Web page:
Scholarly article on topic 'More than Target 6.3: A Systems Approach to Rethinking Sustainable Development Goals in a Resource-Scarce World'

More than Target 6.3: A Systems Approach to Rethinking Sustainable Development Goals in a Resource-Scarce World Academic research paper on "Earth and related environmental sciences"

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Abstract of research paper on Earth and related environmental sciences, author of scientific article — Qiong Zhang, Christine Prouty, Julie B. Zimmerman, James R. Mihelcic

Abstract The 2030 Agenda for Sustainable Development outlines 17 individual Sustainable Development Goals (SDGs) that guide the needs of practice for many professional disciplines around the world, including engineering, research, policy, and development. The SDGs represent commitments to reduce poverty, hunger, ill health, gender inequality, environmental degradation, and lack of access to clean water and sanitation. If a typical reductionist approach is employed to address and optimize individual goals, it may lead to a failure in technological, policy, or managerial development interventions through unintended consequences in other goals. This study uses a systems approach to understand the fundamental dynamics between the SDGs in order to identify potential synergies and antagonisms. A conceptual system model was constructed to illustrate the causal relationships between SDGs, examine system structures using generic system archetypes, and identify leverage points to effectively influence intentional and minimize unintentional changes in the system. The structure of interactions among the SDGs reflects three archetypes of system behavior: Reinforcing Growth, Limits to Growth, and Growth and Underinvestment. The leverage points identified from the conceptual model are gender equality, sustainable management of water and sanitation, alternative resources, sustainable livelihood standards, and global partnerships. Such a conceptual system analysis of SDGs can enhance the likelihood that the development community will broaden its understanding of the potential synergistic benefits of their projects on resource management, environmental sustainability, and climate change. By linking the interactions and feedbacks of those projects with economic gains, women’s empowerment, and educational equality, stakeholders can recognize holistic improvements that can be made to the quality of life of many of the world’s poor.

Academic research paper on topic "More than Target 6.3: A Systems Approach to Rethinking Sustainable Development Goals in a Resource-Scarce World"

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Engineering

journal homepage: www.elsevier.com/locate/eng

Research

Environmental Protection—Article

More than Target 6.3: A Systems Approach to Rethinking Sustainable Development Goals in a Resource-Scarce World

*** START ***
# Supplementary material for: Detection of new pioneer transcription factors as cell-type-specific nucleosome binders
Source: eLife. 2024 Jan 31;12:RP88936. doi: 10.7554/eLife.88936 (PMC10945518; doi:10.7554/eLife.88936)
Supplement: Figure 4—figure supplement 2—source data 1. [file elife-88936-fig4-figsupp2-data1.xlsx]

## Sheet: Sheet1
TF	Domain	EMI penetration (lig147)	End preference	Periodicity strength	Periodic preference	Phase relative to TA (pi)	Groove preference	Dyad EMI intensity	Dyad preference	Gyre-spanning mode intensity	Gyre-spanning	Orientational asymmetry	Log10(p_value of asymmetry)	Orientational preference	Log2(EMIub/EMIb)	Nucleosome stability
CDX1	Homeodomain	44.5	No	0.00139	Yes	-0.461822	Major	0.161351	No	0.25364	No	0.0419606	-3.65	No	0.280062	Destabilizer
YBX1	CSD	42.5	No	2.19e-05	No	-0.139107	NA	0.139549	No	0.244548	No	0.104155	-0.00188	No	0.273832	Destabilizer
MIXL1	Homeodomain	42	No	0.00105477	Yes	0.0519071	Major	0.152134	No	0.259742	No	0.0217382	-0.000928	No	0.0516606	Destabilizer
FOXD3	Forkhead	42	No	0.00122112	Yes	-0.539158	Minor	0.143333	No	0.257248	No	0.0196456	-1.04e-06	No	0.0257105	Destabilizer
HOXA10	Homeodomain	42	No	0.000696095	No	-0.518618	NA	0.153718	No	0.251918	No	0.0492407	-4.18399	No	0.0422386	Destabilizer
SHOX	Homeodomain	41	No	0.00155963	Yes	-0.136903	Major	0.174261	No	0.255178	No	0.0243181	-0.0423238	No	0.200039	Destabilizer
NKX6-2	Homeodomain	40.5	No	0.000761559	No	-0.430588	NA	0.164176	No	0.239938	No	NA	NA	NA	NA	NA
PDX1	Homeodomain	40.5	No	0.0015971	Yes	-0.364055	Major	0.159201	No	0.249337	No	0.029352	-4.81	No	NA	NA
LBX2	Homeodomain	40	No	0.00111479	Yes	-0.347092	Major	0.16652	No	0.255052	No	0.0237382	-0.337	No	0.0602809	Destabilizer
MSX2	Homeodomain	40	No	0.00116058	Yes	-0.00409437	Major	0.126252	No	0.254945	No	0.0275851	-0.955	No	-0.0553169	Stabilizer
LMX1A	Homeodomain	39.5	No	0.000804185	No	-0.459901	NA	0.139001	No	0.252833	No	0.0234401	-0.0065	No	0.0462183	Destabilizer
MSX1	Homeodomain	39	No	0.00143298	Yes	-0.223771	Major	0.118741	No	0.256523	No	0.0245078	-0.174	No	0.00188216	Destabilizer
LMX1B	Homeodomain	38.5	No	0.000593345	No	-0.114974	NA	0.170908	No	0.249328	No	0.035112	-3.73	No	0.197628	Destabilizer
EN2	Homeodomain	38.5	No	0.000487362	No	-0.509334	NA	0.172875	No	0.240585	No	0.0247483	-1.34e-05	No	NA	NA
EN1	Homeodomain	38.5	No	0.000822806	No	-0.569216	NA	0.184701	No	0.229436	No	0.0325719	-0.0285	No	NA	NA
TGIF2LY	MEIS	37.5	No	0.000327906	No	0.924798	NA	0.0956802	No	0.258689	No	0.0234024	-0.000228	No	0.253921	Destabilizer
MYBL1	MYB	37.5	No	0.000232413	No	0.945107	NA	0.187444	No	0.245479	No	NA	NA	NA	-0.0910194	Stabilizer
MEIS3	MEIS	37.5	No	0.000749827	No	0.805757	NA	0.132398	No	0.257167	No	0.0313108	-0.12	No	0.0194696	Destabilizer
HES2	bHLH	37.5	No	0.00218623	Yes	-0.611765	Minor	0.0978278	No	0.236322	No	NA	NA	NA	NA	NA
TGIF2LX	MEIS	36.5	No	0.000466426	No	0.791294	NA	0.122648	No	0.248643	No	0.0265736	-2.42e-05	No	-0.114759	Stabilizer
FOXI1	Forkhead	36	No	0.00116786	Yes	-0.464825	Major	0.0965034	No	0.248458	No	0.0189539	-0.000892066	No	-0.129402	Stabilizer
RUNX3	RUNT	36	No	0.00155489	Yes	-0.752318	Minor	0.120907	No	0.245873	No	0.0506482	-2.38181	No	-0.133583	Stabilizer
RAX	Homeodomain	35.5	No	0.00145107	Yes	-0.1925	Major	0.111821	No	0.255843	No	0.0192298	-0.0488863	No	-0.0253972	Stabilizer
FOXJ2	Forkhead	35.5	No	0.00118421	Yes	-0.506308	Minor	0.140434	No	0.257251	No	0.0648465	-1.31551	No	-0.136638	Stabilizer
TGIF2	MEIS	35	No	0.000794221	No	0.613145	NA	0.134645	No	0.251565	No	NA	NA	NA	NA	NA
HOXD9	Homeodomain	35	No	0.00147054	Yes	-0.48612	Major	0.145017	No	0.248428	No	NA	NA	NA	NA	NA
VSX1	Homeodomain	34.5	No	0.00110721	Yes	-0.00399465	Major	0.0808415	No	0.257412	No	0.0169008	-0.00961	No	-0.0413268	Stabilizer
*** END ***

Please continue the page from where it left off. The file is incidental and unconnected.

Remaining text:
Qiong Zhang a, Christine Prouty a, Julie B. Zimmerman b, James R. Mihelcic a*

a University of South Florida, Tampa, FL 33620, USA b Yale University, New Haven, CT 06520, USA

a r t i c l e i n f o a b s t r a c t

The 2030 Agenda for Sustainable Development outlines 17 individual Sustainable Development Goals (SDGs) that guide the needs of practice for many professional disciplines around the world, including engineering, research, policy, and development. The SDGs represent commitments to reduce poverty, hunger, ill health, gender inequality, environmental degradation, and lack of access to clean water and sanitation. If a typical reductionist approach is employed to address and optimize individual goals, it may lead to a failure in technological, policy, or managerial development interventions through unintended consequences in other goals. This study uses a systems approach to understand the fundamental dynamics between the SDGs in order to identify potential synergies and antagonisms. A conceptual system model was constructed to illustrate the causal relationships between SDGs, examine system structures using generic system archetypes, and identify leverage points to effectively influence intentional and minimize unintentional changes in the system. The structure of interactions among the SDGs reflects three archetypes of system behavior: Reinforcing Growth, Limits to Growth, and Growth and Underinvestment. The leverage points identified from the conceptual model are gender equality, sustainable management of water and sanitation, alternative resources, sustainable livelihood standards, and global partnerships. Such a conceptual system analysis of SDGs can enhance the likelihood that the development community will broaden its understanding of the potential synergistic benefits of their projects on resource management, environmental sustainability, and climate change. By linking the interactions and feedbacks of those projects with economic gains, women's empowerment, and educational equality, stakeholders can recognize holistic improvements that can be made to the quality of life of many of the world's poor.